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FBI’s McCabe meets with House panel as Grassley calls for firing

Deputy FBI Director Andrew McCabe met in private with the House Intelligence Committee on Tuesday. Senator Chuck Grassley, an Iowa Republican, has called for McCabe to be fired.Jacquelyn Martin/Associated Press/File

WASHINGTON — Andrew McCabe, the FBI’s deputy director, was interviewed behind closed doors by the House Intelligence Committee on Tuesday a day after a senior senator demanded that he be fired.

“He ought to be replaced. And I’ve said that before and I’ve said it to people who can do it,” Senate Judiciary chairman Chuck Grassley, a Republican from Iowa, told reporters.

Grassley has questioned whether McCabe has a conflict of interest and is biased against President Trump. McCabe’s wife in 2015 ran for a state Senate seat in Virginia, backed in part with money from associates of Hillary Clinton, Trump’s opponent in last year’s presidential election.


Such concerns with McCabe have increased among Republicans with the recent release of text messages that many Republicans claimed showed anti-Trump bias by agent Peter Strzok, who was removed from Special Counsel Robert Mueller’s team investigating connections between Trump’s campaign and Russia.

The president has complained on Twitter that Attorney General Jeff Sessions should have fired McCabe a long time ago.

Representative Jerrold Nadler of New York, the top Democrat on the House Judiciary Committee, said Friday that he respects Grassley “but I could not disagree more with his suggest that Mr. McCabe should be removed from his post, as President Trump has repeatedly urged.”

Nadler said “the president and his supporters in Congress seem intent on trashing the FBI.”

Grassley said Trump shouldn’t intervene to have McCabe removed and instead leave that up to Christopher Wray, director of the FBI.

“Trump ought to stay out of it,” Grassley said. “I think it’s a Christopher Wray job.”

FBI spokesman Andrew Ames declined to comment.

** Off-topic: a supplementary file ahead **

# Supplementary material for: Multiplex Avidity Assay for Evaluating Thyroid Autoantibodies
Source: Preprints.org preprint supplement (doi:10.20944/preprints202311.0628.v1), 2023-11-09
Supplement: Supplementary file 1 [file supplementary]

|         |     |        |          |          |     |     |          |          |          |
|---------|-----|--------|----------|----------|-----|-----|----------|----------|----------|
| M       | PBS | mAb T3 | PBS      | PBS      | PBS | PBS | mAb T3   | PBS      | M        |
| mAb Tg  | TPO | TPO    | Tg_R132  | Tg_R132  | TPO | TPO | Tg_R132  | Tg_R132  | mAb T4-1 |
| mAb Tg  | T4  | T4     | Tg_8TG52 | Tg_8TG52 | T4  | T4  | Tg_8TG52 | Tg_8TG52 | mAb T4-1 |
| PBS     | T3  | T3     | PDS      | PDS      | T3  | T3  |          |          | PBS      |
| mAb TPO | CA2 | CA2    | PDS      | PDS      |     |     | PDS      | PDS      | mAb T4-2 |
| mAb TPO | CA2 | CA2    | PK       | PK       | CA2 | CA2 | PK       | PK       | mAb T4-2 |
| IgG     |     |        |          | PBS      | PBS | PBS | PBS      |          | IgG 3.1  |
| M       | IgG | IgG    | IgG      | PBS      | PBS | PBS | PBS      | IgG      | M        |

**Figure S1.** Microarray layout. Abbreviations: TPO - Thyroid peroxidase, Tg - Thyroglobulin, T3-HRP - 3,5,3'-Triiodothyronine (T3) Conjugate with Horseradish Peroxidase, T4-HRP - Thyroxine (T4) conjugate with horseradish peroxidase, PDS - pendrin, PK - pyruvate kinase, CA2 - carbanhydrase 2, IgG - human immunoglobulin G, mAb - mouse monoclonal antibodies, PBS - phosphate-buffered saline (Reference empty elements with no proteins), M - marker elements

House Oversight and Government Reform chairman Trey Gowdy, a South Carolina Republican, said in an appearance on Fox News last week he would be “a little surprised” if McCabe still had his job this week.


McCabe’s closed-door interview with House Intelligence had been arranged after months of efforts by committee Republicans angered over what they said was an inability to get more cooperation from the FBI in turning over material about the investigation.

House Intelligence chairman Devin Nunes of California has suggested preparing contempt of Congress action against the FBI and the Justice Department.

Republicans, who have long wanted to question McCabe over how the FBI used a now-famous dossier about Trump with unverified accusations of collusion, also want to ask about the Strzok text messages.

Grassley and other Republicans have said they want to find out what McCabe knows about a particular text message from Strzok in August 2016 — during the presidential campaign — talking about a need for some “insurance policy” in the case of a Trump victory.

They also want to know what McCabe knows about demoted Justice Department official Bruce Ohr and his wife Nellie Ohr, who was reportedly contracted to help prepare opposition research on Trump.

The House panel is trying to wrap up its inquiry into Russian meddling early next year

Representative Michael Conaway of Texas, the committee chairman, said Monday that there is no reason to drag the inquiry out much longer and that Americans need some answers.

"I got more people to talk to," Conaway told reporters at the Capitol, adding that those interviews won’t occur until next year.

Conaway acknowledged that committee staffers have already begun drafting parts of the final report.


Republicans and Democrats are expected to offer competing conclusions when the investigation is closed.

He didn’t offer a precise time frame for when the GOP’s report might be completed, but he noted that the committee opened its investigation in April and “all of these events” that are in focus “took place last year."

"Who did what, where, and when — and all those kinds of things — the quicker we get that out the better for the American people," he said.

Conaway also said Mueller’s own investigation into Russian meddling "could run on for years."

He declined to comment on complaints by other House Republicans that the Mueller investigation is being undermined by questions about the political preferences of some of its personnel.